For the past nine years, Entertainment Data Inc. has written the book on Academy Award race odds and predicted ends.
Now the folks at EDI are tossing that book out the proverbial window, faced with the most uncertain Oscar competition since Gandhi sent E.T. home without the Best Picture prize 13 years ago.
Will Academy voters shoot for the stars with Apollo 13 or stay down on the farm with Babe? Lift Mel Gibson's Braveheart kilt or keep their Sense and Sensibility? Or perhaps send a special delivery to Italy with The Postman?
Ask Thomas V. Borys, editor of EDI's annual Academy Award Handicap, and the same hands that helped compile 13 years of obscure Oscar statistics might get raised, palms up, in the familiar gesture that signifies "who knows?"
"Nothing could happen this year that would surprise me," Borys admitted during a recent telephone interview, "which is going to make it fun to watch. In the past couple of years, it has been a little boring, with everybody knowing that Schindler's List and Forrest Gump wouldn't be beaten. This year, I believe (the awards) will be fragmented, spread around a number of films."
Academy Award Handicap uses the results of the last 13 Oscar shows _ coincidentally, beginning with the year of Gandhi's upset _ to predict the winners. One look at EDI's analysis of the Best Picture competition is proof of this year's wide-open competition and shows how precise the company can be with its study of Academy trends.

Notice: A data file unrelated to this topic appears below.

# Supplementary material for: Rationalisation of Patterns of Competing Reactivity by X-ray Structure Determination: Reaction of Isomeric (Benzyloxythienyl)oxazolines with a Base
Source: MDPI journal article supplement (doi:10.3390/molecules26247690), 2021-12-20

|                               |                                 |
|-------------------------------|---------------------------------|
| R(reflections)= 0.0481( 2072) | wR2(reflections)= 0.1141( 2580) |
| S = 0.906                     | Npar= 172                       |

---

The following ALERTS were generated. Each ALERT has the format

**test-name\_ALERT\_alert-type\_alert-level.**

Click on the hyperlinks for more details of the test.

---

See if you can determine a clear-cut favorite from these clues:
The film with the most nominations overall has won 12 best-picture prizes during that span. Good news for Mel Gibson's Braveheart and its 10 nods.
Winners of the Directors Guild of America Award have clinched 11 top Oscars. Apollo 13 gets that edge, since Ron Howard earned the DGA honor. Eight of those winners were rated PG or PG-13. Every nominee except Braveheart meets that qualification. Gibson's film makes up that deficit by being a historical epic (seven wins in 13 outings).
Nominees without acting nominees also are 0-for-13. Braveheart loses there.
Only one movie has won in 13 years without a best-director nominee at the helm. Tough luck, Apollo 13 and Sense and Sensibility.
The lowest-grossing nominee hasn't won in the past 13 years. The Postman should be disgruntled about that. Only four winning films in that period won the Golden Globe for best drama; a toss-up call for Sense and Sensibility.
Nine of the last 13 Best Pictures were released after September. Sense and Sensibility is the only nominee in that position.
Only four winners in 13 years featured an original screenplay. Once again a toss-up, since Apollo 13, Babe and The Postman are adaptations.
Did that clear up matters? I didn't think so.
Borys said these quantitative statistics may have been rendered obsolete in the past two weeks, when Howard's DGA prize and top honors from the Producers Guild of America rocketed Apollo 13 into the favorite's role. Five of the last six Academy Award winners for Best Picture claimed the PGA award beforehand.
"The only category that people seem to agree on is that Nicolas Cage (Leaving Las Vegas) had better win Best Actor," Borys said, pointing out the actor's consensus support in pre-Oscar award balloting.
Susan Sarandon solidified her favorite status in the Best Actress category when Dead Man Walking surpassed Leaving Las Vegas in box office receipts. Now the negative effect of starring in the lowest-grossing film among the nominees (only one win in 13 tries) has shifted to the latter film's Elisabeth Shue.